Interview With Beau Lebens Talking BackPress

Have you heard about BackPress? The only times I’ve seen it mentioned are within inner development circles of WordPress and for good reason. It’s not widely known and is a project that has a different focus than WordPress. To get more information about this project, I sent a few questions to Automattic employee, Beau Lebens.

First off, what is BackPress?
BackPress is a library of code which gives developers a head start on creating web applications in a very WordPress-inspired way. It provides a lot of functionality that WordPress developers are used to and have come to rely on, while handling a lot of compatibility and common issues in a standardized way.

What is the history of this project?
When bbPress was being developed, it was quickly realized that a lot of the functionality needed already existed: in WordPress. Rather than re-inventing the wheel, it made a lot of sense to extract some of that code from WordPress and move it into a place where it could be shared between the 2 projects. Once it was modularized like that, it became easier for other projects to include BackPress and use it as a foundation for a common set of features.

What projects currently use BackPress entirely or parts of it?
WordPress (and by extension, WordPress MU) uses parts of it, although as the “seed” for a lot the BackPress codebase, it’s often not indicated as such. bbPress uses all (or most) of the BackPress library. GlotPress is based heavily on BackPress (and is the motivating driver behind a lot of the i18n code in there, which then feeds back to WordPress). Automattic has an internal project called SupportPress which uses BackPress code, and I have a personal project called HTFS which uses it as well. I know there are a few other folks working on unreleased apps using it, but I’m not aware of anything else public that’s using it.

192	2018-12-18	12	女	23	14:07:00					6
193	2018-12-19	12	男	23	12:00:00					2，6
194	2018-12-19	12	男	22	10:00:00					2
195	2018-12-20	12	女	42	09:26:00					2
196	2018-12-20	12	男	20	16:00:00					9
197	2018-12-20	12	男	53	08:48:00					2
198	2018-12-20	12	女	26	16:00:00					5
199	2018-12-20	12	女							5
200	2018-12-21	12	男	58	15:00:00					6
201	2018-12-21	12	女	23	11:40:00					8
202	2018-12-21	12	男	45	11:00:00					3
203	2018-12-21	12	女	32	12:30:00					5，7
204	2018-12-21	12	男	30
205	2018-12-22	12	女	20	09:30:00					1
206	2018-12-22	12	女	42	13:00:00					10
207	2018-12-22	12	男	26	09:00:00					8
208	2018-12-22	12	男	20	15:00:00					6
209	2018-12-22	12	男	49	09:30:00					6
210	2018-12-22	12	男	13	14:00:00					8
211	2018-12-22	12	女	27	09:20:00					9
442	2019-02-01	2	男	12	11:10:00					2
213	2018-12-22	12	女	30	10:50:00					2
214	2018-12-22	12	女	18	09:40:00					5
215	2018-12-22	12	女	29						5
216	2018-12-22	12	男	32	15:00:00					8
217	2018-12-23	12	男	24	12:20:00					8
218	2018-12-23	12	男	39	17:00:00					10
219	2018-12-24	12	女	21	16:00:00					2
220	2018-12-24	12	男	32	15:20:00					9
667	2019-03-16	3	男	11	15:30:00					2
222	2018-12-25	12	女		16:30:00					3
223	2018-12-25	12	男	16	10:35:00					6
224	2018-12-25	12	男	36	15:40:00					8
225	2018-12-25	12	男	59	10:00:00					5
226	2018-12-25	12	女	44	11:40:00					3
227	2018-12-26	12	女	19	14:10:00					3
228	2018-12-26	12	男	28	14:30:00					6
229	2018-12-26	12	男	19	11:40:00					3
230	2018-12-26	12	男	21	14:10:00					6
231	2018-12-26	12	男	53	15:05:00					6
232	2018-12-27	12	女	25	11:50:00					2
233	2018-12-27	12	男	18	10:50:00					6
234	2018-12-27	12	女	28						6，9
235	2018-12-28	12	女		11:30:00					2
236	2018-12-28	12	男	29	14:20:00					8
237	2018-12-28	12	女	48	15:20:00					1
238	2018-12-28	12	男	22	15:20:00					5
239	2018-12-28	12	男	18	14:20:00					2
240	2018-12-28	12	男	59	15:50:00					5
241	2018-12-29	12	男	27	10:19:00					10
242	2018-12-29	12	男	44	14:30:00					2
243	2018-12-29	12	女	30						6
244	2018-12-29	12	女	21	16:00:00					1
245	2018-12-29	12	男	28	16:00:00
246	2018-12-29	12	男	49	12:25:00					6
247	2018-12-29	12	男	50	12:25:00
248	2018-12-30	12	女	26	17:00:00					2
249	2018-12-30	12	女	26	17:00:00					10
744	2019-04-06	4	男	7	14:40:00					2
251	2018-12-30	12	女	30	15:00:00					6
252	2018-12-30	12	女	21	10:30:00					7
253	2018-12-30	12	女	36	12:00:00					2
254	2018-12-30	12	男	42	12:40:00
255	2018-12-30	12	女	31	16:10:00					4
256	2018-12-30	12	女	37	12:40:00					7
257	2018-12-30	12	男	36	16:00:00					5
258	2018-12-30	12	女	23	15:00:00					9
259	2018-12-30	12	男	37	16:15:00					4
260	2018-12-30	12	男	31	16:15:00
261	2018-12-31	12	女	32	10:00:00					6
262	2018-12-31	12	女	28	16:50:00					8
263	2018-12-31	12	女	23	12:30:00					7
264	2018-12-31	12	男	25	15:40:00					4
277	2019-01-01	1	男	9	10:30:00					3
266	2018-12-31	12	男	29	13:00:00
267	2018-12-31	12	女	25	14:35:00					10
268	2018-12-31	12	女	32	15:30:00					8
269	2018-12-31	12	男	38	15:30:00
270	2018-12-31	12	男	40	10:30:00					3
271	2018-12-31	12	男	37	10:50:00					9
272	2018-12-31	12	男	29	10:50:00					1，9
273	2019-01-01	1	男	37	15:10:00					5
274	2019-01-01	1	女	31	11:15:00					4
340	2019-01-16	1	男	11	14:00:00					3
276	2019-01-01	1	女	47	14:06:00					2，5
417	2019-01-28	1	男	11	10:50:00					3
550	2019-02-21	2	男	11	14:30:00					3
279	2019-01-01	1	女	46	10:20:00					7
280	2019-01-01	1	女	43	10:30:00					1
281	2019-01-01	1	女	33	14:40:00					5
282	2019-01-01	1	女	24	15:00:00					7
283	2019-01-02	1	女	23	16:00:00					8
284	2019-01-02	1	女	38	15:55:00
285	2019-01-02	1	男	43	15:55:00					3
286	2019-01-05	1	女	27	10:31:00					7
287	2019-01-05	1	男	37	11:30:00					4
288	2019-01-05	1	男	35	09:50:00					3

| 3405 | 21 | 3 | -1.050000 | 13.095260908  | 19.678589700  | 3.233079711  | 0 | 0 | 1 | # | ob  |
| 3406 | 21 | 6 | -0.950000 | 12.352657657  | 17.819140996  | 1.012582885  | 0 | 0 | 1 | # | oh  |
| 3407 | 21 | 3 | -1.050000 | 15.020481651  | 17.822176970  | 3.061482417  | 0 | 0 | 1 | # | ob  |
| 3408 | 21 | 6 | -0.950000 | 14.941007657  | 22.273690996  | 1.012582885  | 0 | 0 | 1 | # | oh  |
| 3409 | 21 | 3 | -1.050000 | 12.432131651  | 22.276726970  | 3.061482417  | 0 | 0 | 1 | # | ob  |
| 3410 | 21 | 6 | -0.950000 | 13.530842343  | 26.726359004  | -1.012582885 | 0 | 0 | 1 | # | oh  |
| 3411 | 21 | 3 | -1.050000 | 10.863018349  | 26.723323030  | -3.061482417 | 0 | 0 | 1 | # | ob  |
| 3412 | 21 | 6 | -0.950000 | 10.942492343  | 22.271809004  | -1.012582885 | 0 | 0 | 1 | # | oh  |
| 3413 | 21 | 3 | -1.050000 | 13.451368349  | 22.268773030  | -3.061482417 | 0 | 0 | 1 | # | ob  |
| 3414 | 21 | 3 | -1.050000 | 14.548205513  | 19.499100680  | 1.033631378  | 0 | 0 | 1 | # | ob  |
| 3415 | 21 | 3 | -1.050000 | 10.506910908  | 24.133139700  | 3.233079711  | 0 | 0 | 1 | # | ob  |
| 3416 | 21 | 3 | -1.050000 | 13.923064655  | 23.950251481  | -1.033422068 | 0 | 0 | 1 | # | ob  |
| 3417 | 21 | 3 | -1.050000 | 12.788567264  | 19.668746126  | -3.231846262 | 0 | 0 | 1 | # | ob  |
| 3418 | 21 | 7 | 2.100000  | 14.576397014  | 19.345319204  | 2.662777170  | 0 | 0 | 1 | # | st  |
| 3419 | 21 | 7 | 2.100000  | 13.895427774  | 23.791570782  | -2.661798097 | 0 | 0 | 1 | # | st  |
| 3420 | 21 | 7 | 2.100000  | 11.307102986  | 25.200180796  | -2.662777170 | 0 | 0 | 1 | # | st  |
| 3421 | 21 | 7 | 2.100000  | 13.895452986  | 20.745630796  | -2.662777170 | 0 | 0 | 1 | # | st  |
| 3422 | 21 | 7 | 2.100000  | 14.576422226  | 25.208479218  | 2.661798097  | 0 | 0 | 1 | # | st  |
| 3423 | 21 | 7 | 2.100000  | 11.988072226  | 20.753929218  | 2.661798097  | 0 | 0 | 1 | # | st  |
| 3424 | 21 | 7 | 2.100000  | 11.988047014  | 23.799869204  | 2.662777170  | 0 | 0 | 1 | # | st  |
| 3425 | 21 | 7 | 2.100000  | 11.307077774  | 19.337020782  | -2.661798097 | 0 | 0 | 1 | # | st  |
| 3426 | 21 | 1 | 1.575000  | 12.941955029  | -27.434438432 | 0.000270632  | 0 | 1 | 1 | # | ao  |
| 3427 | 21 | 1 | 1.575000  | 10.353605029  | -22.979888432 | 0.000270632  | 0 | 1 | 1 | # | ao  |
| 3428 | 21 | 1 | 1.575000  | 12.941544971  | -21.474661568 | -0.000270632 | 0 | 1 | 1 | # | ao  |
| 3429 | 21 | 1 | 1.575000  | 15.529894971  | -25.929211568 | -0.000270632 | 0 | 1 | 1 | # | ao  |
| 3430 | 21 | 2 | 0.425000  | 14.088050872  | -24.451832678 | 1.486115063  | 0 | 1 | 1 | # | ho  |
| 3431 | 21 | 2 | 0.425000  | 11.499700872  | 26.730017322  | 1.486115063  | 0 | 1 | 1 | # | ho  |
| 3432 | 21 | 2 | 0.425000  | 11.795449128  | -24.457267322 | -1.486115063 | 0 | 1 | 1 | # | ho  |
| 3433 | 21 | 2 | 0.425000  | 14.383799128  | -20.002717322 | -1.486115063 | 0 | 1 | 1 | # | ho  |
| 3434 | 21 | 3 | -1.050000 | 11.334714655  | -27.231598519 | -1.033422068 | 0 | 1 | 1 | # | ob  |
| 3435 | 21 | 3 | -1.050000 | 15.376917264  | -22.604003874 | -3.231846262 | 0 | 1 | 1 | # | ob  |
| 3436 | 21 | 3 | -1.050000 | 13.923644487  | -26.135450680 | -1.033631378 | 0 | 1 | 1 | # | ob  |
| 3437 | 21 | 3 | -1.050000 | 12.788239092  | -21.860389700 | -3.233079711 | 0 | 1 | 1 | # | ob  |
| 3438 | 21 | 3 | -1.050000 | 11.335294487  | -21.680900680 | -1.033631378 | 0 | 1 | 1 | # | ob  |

Who’s in charge of or involved with BackPress and is it open to the public?
The current project lead is Peter Westwood (westi), who is also one of the core committers of WordPress. Major contributors include Mike Adams, Nikolay Bachiyski and Demetrious Kelly. I’ve helped out setting up the website and drumming up some attention.

What is the immediate future of BackPress?
For now we’re keeping BackPress in line with WordPress and seeing what happens with the development of bbPress. We’d love to hear from anyone who’s using it in their own projects to see what’s missing, if there’s a better structure for the files, or anything else.

Where can we find more information regarding the project? is the best place to start. We also have the #backpress room on IRC (freenode), but it’s normally pretty quiet.


One response to “Interview With Beau Lebens Talking BackPress”

  1. BackPress is awesome. When I write a non-WordPress script, I find myself missing all of the helper functions that WordPress provides. BackPress allows you to have that framework without having to make your script entirely WordPress-powered (which is often overkill when writing a simple otherwise non-WordPress script).


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